Michelangelo di Lodovico Buonarroti Simoni, better known as Michelangelo, was an Italian sculptor, painter, architect, and poet of the High Renaissance. He was born on March 6, 1475, in Caprese, Tuscany, Italy, to Lodovico di Leonardo Buonarroti Simoni and Francesca di Neri del Miniato di Siena. Michelangelo was the second of five brothers, and his family lived in Florence, where his father worked as a government administrator.
Michelangelo's childhood was not an easy one, as his mother suffered from poor health and his father was not very supportive of his artistic pursuits. However, he found solace in his passion for art and began studying under the painter Domenico Ghirlandaio at the age of thirteen.
In 1494, Michelangelo moved to the city of Bologna to study sculpture under the tutelage of Niccolò dell'Arca. Later, he returned to Florence and worked for the powerful Medici family, where he was exposed to the classical art of ancient Rome and Greece that greatly influenced his style.
Michelangelo never married, and there is no record of any romantic relationship in his life. However, he did have close friendships with several artists and scholars, including the painter and architect Raphael and the poet Vittoria Colonna.
Michelangelo's workplaces included Florence, Rome, and Carrara, where he worked on various commissions, including the famous statue of David, the ceiling of the Sistine Chapel, and the dome of St. Peter's Basilica.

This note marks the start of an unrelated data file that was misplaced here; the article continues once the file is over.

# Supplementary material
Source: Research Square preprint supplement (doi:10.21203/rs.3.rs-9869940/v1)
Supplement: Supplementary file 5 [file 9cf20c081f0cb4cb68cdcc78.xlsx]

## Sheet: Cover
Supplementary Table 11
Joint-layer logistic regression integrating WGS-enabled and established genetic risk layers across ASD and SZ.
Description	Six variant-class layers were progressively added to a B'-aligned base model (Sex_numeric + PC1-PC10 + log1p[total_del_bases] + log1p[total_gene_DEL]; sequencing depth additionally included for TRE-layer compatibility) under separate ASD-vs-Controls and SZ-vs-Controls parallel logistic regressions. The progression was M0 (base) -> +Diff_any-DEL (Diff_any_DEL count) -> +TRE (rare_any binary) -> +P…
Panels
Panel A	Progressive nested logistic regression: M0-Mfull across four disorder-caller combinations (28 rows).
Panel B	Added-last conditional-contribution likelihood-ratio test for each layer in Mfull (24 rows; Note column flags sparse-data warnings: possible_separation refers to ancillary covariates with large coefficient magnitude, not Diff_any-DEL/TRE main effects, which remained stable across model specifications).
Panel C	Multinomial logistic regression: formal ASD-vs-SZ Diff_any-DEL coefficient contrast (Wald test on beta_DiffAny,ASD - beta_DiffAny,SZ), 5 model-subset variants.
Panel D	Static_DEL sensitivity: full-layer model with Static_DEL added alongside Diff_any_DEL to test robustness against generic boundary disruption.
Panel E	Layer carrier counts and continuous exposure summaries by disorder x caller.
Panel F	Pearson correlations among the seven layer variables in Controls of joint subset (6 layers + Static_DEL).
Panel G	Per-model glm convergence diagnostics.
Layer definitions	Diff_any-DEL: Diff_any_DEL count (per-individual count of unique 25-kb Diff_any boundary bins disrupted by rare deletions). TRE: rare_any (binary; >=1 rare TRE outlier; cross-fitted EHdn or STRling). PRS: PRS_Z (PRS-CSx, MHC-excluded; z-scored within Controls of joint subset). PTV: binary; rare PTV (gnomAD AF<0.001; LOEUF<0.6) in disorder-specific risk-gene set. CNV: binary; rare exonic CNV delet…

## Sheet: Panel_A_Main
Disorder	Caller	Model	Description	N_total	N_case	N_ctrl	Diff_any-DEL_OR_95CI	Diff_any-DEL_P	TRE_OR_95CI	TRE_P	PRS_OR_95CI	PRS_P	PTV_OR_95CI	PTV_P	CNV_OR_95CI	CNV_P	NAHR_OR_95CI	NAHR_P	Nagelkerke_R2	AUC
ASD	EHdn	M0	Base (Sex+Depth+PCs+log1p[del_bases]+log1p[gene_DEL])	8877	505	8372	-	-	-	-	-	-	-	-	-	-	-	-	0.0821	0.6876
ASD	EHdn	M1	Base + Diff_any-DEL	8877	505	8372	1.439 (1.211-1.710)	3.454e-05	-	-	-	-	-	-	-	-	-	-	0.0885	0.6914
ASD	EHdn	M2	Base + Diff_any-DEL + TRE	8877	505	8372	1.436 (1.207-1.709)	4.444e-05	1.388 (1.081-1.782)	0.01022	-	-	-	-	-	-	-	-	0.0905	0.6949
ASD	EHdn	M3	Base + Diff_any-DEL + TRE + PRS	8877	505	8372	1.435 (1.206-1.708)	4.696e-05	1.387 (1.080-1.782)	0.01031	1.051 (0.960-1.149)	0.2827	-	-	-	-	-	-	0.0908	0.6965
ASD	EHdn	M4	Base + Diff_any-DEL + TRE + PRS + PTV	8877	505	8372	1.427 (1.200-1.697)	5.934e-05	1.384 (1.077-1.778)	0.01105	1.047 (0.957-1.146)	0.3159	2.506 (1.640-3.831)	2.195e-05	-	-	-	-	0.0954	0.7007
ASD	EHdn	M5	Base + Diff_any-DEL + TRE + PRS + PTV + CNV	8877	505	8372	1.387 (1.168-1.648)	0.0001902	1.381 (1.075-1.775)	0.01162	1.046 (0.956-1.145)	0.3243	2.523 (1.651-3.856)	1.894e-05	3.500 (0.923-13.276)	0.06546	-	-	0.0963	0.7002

Many artists influenced Michelangelo throughout his career, including the sculptors Donatello and Verrocchio and the painters Masaccio and Botticelli. Michelangelo was also greatly inspired by the works of ancient Greek and Roman artists, which he studied extensively.
Michelangelo was known for his unique techniques in both painting and sculpture. His style was characterized by the use of dramatic lighting, complex compositions, and an emphasis on human anatomy and form.
Michelangelo's impact on the world of art cannot be overstated. His work represents a pinnacle of artistic achievement, and his innovations in technique and style have had a lasting influence on generations of artists.
Here are Michelangelo's five most important paintings:
The Sistine Chapel Ceiling: Painted between 1508 and 1512, this masterpiece features nine scenes from the book of Genesis, including the Creation of Adam and the Deluge.
The Last Judgment: This fresco, painted on the altar wall of the Sistine Chapel, depicts the second coming of Christ and the judgment of the souls of humanity.
The Doni Tondo: This circular painting depicts the Holy Family and is considered one of Michelangelo's most important works in the medium of painting.
The Crucifixion of St. Peter: This fresco, painted in the Cappella Paolina, depicts the martyrdom of St. Peter and is noted for its dramatic lighting and dynamic composition.
The Conversion of Saul: This fresco, painted on the ceiling of the Cappella Paolina, depicts the biblical story of Saul's conversion to Christianity and features Michelangelo's trademark use of light and shadow.